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650b vs 700c wheels: find out which you should choose

Wheel size is a big issue, especially when it comes to gravel bikes. Here's everything you need to know to make the right buying decision

Terrain and distance can vary a lot in gravel riding, and so do the types of off-road bikes available to you. While 700c wheels are standard on road bikes, bike manufacturers also use a smaller 650b size wheel for gravel bikes as they offer an alternative set of qualities and performance benefits.

Parcours Alta 7O9A6905

> 19 of the best 2021 gravel bikes & adventure road bikes

We spoke to Dov Tate of the British wheel brand Parcours, which has 650b and 700c versions of its Alta gravel wheel, about the benefits of each, and how the size change may affect your riding so you can go about your buying decision fully informed.

First off, for those not in the know, a 650b wheel has a diameter of 584mm while a 700c wheel has a 622mm diameter (don’t blame us for the confusing naming).

It’s not just size that matters…

“What needs to be considered above and beyond just the wheel selection is what type of tyre you’re going to run,” Dov acknowledges. “I would argue that the tyre is probably going to have a bigger influence on the ride performance, quality and ride feel of your bike, but the wheel is a vehicle for that.”

> 29 of the best gravel bike tyres for 2021 — get the right go-anywhere rubber

2021 Parcours Alta 650b 3

If you’re looking at running a much wider and therefore bigger tyre, that’s going to be one of the drivers towards looking at a 650b wheel. “It makes logical sense that if you want to get a bigger tyre, you need a smaller wheel in the same space,” Dov says.

By the time you get to the smaller 650b tyres, you’re very much in the realms of the bigger 700c tyres out there.

> 700c or 650B... which is faster?

Dov recommends starting with the tyre that is going to suit you best, then you should look at which wheel is going to enable you to run that tyre.

It’s important to understand the effects of the wheel and tyre combination together. In terms of total diameter (including tread), a 650b fitted with a 47mm tyre is a similar diameter to a 700c wheel fitted with a 28mm tyre. 

Parcours Alta 7O9A6971

But, realistically, no one is deciding between a 650b wheel with a 47mm tyre and a 700c with a 28mm tyre: “You’re not quite comparing apples to apples when it comes to the overall diameter at that point,” Dov says. “The overall diameter of your gravel setup on a 700c wheel is going to be slightly larger than the equivalent setup on a 650b.”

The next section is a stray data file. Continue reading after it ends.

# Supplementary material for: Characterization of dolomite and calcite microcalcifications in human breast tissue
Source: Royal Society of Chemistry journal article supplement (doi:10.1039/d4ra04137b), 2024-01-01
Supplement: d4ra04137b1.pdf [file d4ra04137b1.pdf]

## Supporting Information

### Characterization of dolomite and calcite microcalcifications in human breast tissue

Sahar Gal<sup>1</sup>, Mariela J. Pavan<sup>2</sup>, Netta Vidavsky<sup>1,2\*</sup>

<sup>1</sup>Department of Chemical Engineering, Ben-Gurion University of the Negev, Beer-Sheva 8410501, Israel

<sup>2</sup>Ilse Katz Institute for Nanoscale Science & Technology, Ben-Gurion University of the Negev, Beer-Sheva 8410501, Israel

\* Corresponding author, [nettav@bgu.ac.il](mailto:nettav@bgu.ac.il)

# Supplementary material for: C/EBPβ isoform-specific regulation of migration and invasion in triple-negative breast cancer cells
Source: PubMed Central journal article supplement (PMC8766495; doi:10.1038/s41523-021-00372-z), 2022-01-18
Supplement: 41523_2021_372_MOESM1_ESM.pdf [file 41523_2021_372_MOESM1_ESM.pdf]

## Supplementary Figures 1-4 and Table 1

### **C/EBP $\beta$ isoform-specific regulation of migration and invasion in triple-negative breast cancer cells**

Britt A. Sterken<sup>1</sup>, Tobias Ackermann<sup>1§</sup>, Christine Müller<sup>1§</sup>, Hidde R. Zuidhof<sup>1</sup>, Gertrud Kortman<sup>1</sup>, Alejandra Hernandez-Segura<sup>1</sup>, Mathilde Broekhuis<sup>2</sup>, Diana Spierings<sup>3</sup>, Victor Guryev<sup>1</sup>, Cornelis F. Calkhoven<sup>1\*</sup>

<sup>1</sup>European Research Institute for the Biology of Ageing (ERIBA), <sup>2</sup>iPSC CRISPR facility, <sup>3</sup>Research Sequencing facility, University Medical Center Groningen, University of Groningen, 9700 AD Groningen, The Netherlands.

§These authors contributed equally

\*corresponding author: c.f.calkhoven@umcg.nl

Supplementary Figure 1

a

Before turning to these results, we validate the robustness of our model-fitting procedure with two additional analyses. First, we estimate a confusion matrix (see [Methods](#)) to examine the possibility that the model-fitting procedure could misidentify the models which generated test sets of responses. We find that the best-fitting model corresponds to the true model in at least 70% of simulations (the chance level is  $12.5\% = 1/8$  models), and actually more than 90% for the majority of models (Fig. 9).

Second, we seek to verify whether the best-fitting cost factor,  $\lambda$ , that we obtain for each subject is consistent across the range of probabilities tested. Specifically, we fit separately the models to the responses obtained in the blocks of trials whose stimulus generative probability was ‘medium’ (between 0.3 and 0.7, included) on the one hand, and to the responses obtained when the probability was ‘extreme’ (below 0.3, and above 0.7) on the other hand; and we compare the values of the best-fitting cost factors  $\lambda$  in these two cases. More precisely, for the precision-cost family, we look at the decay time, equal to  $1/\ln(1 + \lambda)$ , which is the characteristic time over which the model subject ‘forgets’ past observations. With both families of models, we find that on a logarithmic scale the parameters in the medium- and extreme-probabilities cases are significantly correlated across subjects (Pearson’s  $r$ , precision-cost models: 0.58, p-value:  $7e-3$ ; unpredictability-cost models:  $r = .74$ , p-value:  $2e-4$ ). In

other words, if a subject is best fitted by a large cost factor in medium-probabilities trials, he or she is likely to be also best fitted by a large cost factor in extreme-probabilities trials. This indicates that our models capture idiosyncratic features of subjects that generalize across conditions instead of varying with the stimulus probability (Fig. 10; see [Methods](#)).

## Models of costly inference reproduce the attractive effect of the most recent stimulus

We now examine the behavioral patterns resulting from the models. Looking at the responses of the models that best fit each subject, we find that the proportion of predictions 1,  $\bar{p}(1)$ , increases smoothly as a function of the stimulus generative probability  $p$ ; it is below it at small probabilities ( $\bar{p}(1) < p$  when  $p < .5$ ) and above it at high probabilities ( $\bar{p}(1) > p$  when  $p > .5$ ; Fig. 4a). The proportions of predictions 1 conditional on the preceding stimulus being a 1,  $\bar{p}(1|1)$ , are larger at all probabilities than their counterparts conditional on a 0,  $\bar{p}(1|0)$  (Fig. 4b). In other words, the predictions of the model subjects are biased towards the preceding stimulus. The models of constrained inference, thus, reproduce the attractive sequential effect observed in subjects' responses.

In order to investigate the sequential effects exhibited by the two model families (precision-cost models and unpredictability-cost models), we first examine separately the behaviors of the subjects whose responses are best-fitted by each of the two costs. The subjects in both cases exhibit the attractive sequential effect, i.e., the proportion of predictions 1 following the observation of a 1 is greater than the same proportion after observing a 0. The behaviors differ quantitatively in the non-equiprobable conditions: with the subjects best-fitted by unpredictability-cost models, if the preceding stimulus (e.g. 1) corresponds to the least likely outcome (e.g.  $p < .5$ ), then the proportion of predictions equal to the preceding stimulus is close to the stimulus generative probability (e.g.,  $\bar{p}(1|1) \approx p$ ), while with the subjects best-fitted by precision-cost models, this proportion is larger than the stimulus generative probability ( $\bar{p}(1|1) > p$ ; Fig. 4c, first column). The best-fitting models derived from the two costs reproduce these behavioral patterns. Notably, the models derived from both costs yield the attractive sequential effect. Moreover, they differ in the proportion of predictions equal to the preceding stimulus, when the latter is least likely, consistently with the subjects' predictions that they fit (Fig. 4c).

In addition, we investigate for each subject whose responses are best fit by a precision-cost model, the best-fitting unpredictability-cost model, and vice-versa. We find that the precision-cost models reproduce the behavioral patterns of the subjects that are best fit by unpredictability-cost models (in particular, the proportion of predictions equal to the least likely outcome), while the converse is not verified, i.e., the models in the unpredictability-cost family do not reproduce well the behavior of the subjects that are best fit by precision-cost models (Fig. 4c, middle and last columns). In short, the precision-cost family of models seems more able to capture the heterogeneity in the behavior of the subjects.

Consider how much you’re mixing up the terrain

The 650b is better suited to rougher terrain with a loose surface, “essentially where you’re looking to be able to run a wider tyre which is going to allow a smoother ride because you can run a lower pressure,” Dov says. “Then on the loose surface, a wider tyre gives you a wider contact patch which will help you with grip and traction.”

Parcours Alta 7O9A6836

According to Dov, those characteristics don’t necessarily come from the wheel though, they come from the tyre that the wheel allows you to fit.

The 700c is less suited to the technical singletrack that 650b wheels usually excel at; for the bigger wheel size think more of connecting gravel, harder bridleways and roads that have mixed surfaces.

“When you’re on and off-road, then I’ll absolutely be steering somebody towards 700c largely because you’d be running a slightly narrower tyre which is going to perform better on those surfaces,” Dov says.

Rolling over the rough stuff

Let's next look at rollover. To understand how rollover comes into things let’s start with the analogy: “If you think about driving a hatchback with small wheels, it’s a lot harder to get up onto a kerb than driving a 4x4 with massive wheels. In the same way with a 700c, if you’re going over a big obstacle you’re going to be more easily able to roll over it than with a 650b, which is a smaller wheel,” Dov explains.

If you were to compare a 48mm tyre on 700c wheels with the same 48mm tyre on the 650b wheels, you will find the 700c glides over the bigger stones and the generally rougher terrain a lot more easily.

However, Dov notes that this removes the tyre from the equation. “If you’re running a bigger tyre on the 650b that reduces the difference to the point where it’s probably not going to be a main driver for your purchasing decision.”

As smaller wheels get hooked up on bumps more than bigger wheels, the latter will give you a smoother ride (assuming that the tyre width – and total volume – is kept the same). That’s why some bike manufacturers, such as Canyon with its Grizl, are producing bikes that can take a 700 x 50mm set up; these are best for when it’s roughest.

But that wheel and tyre combination is so big that it means a 650b wouldn’t be compatible with that frame anymore – the handling would be thrown completely off – and that also means swapping in skinny 700c tyres, such as 28 or 32mm, would compromise the ride feel too.

That doesn’t mean you can’t ride a Canyon Grizl with skinny tyres, it’s perfectly possible, but you aren’t getting the best out of the bike.

If you just want to ride rough stuff, a wide 50mm tyre and 700c wheel is the way to go. If you think you’d like to switch between the smooth and rough, running 32mm road tyres one day and 2.1 inch 650b tyres the next, you’re best off going for bike which is rated for that size of 650b tyre and that can only take 700c tyres as wide as 45mm.